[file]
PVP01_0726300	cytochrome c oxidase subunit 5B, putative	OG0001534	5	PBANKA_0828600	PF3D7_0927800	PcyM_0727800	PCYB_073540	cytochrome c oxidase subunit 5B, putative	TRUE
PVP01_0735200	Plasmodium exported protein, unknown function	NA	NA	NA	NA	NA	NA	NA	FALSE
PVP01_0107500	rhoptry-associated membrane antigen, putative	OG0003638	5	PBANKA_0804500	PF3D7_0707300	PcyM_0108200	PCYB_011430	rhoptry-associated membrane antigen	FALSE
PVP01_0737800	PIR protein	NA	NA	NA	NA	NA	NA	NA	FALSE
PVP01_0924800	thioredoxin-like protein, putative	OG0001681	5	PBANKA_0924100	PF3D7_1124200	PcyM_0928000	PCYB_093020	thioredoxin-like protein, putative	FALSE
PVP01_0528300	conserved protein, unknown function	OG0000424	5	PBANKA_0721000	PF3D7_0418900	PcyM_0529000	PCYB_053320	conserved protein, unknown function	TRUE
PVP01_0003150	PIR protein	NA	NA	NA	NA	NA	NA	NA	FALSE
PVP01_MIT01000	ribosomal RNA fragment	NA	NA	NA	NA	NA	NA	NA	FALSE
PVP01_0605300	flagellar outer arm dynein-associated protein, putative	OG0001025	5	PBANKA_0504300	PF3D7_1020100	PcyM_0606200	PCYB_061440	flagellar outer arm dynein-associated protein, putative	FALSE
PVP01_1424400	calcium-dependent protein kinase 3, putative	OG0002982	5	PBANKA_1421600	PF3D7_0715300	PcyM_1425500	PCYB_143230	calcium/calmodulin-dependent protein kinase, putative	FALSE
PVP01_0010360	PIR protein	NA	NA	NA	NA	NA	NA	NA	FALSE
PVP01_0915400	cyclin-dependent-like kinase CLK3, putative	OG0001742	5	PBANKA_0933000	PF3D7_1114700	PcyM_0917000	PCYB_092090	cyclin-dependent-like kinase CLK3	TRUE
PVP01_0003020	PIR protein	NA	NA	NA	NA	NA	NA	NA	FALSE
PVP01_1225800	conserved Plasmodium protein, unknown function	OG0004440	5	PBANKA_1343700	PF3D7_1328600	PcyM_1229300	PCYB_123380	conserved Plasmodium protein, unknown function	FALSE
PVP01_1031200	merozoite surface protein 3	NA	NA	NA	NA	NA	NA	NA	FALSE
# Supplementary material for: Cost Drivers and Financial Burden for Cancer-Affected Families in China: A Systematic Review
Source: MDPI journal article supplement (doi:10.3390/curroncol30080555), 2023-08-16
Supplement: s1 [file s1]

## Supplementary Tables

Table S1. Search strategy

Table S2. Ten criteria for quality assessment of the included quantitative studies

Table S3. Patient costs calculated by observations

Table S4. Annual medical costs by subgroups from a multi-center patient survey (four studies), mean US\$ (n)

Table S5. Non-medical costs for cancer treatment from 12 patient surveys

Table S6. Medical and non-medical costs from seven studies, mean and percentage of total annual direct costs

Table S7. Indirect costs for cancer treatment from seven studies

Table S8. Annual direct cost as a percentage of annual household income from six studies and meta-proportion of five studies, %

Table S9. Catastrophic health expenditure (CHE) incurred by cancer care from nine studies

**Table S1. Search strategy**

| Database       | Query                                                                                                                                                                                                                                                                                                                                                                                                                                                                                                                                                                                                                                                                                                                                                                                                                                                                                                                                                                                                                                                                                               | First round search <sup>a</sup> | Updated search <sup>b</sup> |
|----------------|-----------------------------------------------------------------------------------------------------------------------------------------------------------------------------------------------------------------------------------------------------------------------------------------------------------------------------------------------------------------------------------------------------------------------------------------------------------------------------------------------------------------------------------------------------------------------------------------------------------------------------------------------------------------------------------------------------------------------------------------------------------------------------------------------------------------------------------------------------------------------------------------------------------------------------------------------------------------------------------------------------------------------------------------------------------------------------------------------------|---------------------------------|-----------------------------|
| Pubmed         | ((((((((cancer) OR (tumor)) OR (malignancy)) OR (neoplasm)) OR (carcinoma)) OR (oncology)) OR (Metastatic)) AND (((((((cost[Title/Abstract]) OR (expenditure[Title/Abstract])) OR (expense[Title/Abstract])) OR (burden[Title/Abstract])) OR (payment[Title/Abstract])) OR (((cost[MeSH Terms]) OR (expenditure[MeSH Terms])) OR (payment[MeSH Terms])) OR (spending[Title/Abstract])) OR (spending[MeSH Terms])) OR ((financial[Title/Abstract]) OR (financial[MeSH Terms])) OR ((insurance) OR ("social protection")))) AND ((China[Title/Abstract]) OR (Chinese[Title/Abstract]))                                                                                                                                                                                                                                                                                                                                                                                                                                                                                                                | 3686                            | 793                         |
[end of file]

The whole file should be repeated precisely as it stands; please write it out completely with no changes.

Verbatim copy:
PVP01_0726300	cytochrome c oxidase subunit 5B, putative	OG0001534	5	PBANKA_0828600	PF3D7_0927800	PcyM_0727800	PCYB_073540	cytochrome c oxidase subunit 5B, putative	TRUE
PVP01_0735200	Plasmodium exported protein, unknown function	NA	NA	NA	NA	NA	NA	NA	FALSE
PVP01_0107500	rhoptry-associated membrane antigen, putative	OG0003638	5	PBANKA_0804500	PF3D7_0707300	PcyM_0108200	PCYB_011430	rhoptry-associated membrane antigen	FALSE
PVP01_0737800	PIR protein	NA	NA	NA	NA	NA	NA	NA	FALSE
PVP01_0924800	thioredoxin-like protein, putative	OG0001681	5	PBANKA_0924100	PF3D7_1124200	PcyM_0928000	PCYB_093020	thioredoxin-like protein, putative	FALSE
PVP01_0528300	conserved protein, unknown function	OG0000424	5	PBANKA_0721000	PF3D7_0418900	PcyM_0529000	PCYB_053320	conserved protein, unknown function	TRUE
PVP01_0003150	PIR protein	NA	NA	NA	NA	NA	NA	NA	FALSE
PVP01_MIT01000	ribosomal RNA fragment	NA	NA	NA	NA	NA	NA	NA	FALSE
PVP01_0605300	flagellar outer arm dynein-associated protein, putative	OG0001025	5	PBANKA_0504300	PF3D7_1020100	PcyM_0606200	PCYB_061440	flagellar outer arm dynein-associated protein, putative	FALSE
PVP01_1424400	calcium-dependent protein kinase 3, putative	OG0002982	5	PBANKA_1421600	PF3D7_0715300	PcyM_1425500	PCYB_143230	calcium/calmodulin-dependent protein kinase, putative	FALSE
PVP01_0010360	PIR protein	NA	NA	NA	NA	NA	NA	NA	FALSE
PVP01_0915400	cyclin-dependent-like kinase CLK3, putative	OG0001742	5	PBANKA_0933000	PF3D7_1114700	PcyM_0917000	PCYB_092090	cyclin-dependent-like kinase CLK3	TRUE
PVP01_0003020	PIR protein	NA	NA	NA	NA	NA	NA	NA	FALSE
PVP01_1225800	conserved Plasmodium protein, unknown function	OG0004440	5	PBANKA_1343700	PF3D7_1328600	PcyM_1229300	PCYB_123380	conserved Plasmodium protein, unknown function	FALSE
PVP01_1031200	merozoite surface protein 3	NA	NA	NA	NA	NA	NA	NA	FALSE
# Supplementary material for: Cost Drivers and Financial Burden for Cancer-Affected Families in China: A Systematic Review
Source: MDPI journal article supplement (doi:10.3390/curroncol30080555), 2023-08-16
Supplement: s1 [file s1]

## Supplementary Tables

Table S1. Search strategy

Table S2. Ten criteria for quality assessment of the included quantitative studies

Table S3. Patient costs calculated by observations

Table S4. Annual medical costs by subgroups from a multi-center patient survey (four studies), mean US\$ (n)

Table S5. Non-medical costs for cancer treatment from 12 patient surveys

Table S6. Medical and non-medical costs from seven studies, mean and percentage of total annual direct costs

Table S7. Indirect costs for cancer treatment from seven studies

Table S8. Annual direct cost as a percentage of annual household income from six studies and meta-proportion of five studies, %

Table S9. Catastrophic health expenditure (CHE) incurred by cancer care from nine studies

**Table S1. Search strategy**

| Database       | Query                                                                                                                                                                                                                                                                                                                                                                                                                                                                                                                                                                                                                                                                                                                                                                                                                                                                                                                                                                                                                                                                                               | First round search <sup>a</sup> | Updated search <sup>b</sup> |
|----------------|-----------------------------------------------------------------------------------------------------------------------------------------------------------------------------------------------------------------------------------------------------------------------------------------------------------------------------------------------------------------------------------------------------------------------------------------------------------------------------------------------------------------------------------------------------------------------------------------------------------------------------------------------------------------------------------------------------------------------------------------------------------------------------------------------------------------------------------------------------------------------------------------------------------------------------------------------------------------------------------------------------------------------------------------------------------------------------------------------------|---------------------------------|-----------------------------|
| Pubmed         | ((((((((cancer) OR (tumor)) OR (malignancy)) OR (neoplasm)) OR (carcinoma)) OR (oncology)) OR (Metastatic)) AND (((((((cost[Title/Abstract]) OR (expenditure[Title/Abstract])) OR (expense[Title/Abstract])) OR (burden[Title/Abstract])) OR (payment[Title/Abstract])) OR (((cost[MeSH Terms]) OR (expenditure[MeSH Terms])) OR (payment[MeSH Terms])) OR (spending[Title/Abstract])) OR (spending[MeSH Terms])) OR ((financial[Title/Abstract]) OR (financial[MeSH Terms])) OR ((insurance) OR ("social protection")))) AND ((China[Title/Abstract]) OR (Chinese[Title/Abstract]))                                                                                                                                                                                                                                                                                                                                                                                                                                                                                                                | 3686                            | 793                         |